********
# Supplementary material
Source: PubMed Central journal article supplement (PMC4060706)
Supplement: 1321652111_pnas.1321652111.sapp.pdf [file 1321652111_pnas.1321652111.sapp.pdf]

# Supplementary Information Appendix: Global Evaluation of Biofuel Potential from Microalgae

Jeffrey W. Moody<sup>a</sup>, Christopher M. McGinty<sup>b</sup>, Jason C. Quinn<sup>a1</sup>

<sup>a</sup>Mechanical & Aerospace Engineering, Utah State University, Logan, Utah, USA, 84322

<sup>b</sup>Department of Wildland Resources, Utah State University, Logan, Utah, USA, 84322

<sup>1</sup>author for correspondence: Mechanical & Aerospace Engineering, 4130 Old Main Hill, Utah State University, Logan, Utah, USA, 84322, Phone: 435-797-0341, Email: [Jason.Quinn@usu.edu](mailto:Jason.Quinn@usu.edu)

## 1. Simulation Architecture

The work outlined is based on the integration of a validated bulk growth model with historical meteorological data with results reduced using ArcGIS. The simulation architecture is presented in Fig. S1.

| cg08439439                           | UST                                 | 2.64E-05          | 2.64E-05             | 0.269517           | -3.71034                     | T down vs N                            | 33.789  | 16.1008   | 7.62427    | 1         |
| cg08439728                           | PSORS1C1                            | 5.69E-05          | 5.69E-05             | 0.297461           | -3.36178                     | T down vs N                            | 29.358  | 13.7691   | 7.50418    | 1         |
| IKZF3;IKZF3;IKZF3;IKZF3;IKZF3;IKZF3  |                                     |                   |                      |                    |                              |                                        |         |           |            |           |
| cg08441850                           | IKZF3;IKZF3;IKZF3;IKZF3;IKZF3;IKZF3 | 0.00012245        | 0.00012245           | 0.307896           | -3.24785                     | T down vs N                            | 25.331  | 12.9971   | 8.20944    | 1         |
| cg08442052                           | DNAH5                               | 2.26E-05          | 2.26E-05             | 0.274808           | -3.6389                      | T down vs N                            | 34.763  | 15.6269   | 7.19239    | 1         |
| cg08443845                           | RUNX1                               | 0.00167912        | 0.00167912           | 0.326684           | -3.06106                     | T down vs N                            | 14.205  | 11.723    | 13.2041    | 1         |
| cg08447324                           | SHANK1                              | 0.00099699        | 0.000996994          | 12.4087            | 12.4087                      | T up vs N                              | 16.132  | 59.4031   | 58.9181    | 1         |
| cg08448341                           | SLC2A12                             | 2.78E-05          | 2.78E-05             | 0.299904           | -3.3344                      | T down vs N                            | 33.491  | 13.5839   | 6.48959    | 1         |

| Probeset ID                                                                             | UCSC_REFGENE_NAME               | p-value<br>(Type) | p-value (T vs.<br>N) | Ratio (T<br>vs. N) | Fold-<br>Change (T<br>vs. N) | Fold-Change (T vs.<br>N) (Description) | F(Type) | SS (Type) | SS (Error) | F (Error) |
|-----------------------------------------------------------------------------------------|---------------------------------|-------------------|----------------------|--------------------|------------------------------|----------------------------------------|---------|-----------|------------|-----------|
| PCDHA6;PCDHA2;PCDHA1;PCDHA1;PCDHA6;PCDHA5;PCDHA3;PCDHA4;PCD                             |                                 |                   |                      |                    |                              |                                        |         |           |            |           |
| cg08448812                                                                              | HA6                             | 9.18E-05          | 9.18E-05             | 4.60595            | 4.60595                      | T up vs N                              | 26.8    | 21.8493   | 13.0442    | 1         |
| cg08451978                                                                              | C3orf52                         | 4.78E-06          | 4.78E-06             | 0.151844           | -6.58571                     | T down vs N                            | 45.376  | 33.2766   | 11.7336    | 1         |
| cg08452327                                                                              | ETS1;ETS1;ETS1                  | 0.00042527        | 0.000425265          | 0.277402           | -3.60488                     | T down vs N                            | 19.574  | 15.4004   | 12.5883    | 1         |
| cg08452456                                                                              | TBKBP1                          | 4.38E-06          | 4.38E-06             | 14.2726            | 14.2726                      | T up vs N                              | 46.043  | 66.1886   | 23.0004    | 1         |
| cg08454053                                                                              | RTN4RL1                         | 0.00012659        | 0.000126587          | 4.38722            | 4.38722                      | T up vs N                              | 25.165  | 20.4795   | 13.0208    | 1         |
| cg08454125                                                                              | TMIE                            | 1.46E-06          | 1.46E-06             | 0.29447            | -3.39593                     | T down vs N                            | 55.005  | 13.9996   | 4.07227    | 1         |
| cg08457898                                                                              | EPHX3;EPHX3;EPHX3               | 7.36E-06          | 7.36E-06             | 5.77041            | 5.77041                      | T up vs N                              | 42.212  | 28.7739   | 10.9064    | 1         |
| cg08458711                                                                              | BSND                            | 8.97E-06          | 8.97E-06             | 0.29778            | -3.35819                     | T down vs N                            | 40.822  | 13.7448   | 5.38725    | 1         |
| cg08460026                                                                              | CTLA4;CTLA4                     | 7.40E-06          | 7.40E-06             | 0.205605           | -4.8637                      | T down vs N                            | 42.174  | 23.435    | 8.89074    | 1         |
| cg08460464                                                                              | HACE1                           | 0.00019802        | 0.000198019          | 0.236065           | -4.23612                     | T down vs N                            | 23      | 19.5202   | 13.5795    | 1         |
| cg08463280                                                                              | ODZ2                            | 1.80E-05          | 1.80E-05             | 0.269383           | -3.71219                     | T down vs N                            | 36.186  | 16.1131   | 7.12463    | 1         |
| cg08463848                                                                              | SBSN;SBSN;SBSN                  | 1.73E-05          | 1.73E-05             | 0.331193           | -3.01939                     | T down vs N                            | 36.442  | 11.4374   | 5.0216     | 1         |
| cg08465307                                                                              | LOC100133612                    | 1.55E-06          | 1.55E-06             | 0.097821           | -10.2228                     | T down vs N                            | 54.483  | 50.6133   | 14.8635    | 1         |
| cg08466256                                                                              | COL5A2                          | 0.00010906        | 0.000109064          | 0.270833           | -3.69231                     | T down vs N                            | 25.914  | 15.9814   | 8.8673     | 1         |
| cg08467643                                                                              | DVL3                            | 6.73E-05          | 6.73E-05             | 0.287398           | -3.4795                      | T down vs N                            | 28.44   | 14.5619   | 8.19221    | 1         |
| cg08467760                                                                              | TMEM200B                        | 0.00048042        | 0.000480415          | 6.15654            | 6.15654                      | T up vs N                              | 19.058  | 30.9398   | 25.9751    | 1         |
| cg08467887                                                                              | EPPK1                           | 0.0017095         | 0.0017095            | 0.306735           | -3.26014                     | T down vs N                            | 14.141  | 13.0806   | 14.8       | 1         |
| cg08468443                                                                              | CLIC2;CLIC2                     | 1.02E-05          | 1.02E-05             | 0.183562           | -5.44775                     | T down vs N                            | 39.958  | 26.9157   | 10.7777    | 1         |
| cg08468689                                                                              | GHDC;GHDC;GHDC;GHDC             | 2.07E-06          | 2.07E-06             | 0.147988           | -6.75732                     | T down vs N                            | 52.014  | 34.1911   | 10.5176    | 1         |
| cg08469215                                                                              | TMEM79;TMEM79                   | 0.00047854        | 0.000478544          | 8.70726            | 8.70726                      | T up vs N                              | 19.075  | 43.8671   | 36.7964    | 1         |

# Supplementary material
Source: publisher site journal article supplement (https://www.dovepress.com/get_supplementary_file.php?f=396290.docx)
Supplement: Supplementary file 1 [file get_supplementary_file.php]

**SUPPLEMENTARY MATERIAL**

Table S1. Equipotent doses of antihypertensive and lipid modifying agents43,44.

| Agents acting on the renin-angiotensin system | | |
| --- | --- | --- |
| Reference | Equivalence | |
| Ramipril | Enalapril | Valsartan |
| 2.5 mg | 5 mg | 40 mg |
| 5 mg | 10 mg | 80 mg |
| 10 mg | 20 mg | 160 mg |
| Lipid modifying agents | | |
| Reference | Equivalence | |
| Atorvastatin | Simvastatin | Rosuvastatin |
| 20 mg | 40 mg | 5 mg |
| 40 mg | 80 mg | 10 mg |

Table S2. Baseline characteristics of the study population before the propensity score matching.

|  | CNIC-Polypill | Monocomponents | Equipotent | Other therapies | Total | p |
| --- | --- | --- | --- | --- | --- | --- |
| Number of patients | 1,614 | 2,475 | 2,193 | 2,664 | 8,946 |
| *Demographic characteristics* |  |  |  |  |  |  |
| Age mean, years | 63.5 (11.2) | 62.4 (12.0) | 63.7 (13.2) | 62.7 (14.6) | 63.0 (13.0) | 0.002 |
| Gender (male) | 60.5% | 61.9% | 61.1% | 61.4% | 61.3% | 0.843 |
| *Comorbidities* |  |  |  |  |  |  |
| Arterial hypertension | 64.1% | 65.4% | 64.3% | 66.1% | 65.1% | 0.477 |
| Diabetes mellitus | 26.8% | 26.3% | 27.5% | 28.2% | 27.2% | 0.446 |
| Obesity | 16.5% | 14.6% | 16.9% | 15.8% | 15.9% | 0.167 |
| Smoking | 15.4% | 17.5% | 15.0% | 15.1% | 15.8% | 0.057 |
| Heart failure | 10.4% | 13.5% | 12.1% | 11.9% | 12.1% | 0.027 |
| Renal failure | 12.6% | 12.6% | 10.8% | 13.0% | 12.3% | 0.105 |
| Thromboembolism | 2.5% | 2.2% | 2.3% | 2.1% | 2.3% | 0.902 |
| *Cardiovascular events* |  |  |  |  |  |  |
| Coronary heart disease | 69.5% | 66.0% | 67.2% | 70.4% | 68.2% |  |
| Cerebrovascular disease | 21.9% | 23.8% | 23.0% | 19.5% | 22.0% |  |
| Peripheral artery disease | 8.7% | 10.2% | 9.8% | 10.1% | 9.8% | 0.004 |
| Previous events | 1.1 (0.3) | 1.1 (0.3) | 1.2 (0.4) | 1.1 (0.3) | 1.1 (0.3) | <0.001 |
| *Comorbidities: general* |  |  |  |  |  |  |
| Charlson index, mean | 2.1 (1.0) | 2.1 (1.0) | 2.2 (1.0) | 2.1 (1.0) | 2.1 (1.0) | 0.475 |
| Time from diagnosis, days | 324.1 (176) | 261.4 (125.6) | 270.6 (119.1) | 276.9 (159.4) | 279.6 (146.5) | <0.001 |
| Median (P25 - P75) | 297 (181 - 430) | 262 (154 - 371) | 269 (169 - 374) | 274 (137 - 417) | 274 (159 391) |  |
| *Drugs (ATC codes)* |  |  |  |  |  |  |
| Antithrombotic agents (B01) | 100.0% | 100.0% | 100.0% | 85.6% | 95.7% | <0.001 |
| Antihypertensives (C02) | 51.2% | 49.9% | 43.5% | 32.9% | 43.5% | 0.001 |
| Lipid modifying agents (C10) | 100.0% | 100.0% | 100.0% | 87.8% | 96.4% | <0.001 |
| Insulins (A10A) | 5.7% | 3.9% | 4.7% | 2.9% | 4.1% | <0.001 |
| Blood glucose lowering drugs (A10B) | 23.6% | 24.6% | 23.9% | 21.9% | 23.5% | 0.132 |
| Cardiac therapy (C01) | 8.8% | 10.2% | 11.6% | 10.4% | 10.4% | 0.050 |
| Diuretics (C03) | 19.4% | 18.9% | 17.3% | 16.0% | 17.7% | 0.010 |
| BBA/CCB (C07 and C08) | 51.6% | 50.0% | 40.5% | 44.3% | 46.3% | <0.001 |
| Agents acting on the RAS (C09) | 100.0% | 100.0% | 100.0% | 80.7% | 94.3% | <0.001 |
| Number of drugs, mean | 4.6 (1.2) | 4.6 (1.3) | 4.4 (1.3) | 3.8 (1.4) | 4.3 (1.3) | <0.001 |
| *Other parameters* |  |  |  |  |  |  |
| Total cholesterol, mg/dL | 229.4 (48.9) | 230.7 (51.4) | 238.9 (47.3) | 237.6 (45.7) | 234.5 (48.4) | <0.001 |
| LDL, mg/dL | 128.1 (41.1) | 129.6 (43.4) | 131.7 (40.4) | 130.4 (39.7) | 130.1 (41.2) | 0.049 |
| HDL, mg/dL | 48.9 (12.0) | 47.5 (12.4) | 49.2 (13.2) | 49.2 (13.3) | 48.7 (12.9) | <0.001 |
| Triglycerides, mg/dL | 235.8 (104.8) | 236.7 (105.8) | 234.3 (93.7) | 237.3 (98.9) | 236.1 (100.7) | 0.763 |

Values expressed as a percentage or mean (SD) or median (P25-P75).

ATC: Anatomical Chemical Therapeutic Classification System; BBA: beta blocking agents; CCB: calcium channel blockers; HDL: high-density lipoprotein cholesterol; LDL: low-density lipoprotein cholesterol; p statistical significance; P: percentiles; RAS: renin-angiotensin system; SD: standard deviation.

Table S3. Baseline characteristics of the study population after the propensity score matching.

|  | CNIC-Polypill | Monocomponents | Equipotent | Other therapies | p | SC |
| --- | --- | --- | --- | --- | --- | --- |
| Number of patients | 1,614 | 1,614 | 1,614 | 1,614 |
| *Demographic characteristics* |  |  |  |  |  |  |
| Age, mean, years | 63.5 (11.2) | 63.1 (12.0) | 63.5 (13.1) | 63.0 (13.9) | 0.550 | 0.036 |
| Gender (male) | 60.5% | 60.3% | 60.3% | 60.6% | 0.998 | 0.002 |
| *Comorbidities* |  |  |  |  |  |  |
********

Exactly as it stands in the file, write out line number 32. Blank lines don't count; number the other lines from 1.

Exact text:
| cg08463280                                                                              | ODZ2                            | 1.80E-05          | 1.80E-05             | 0.269383           | -3.71219                     | T down vs N                            | 36.186  | 16.1131   | 7.12463    | 1         |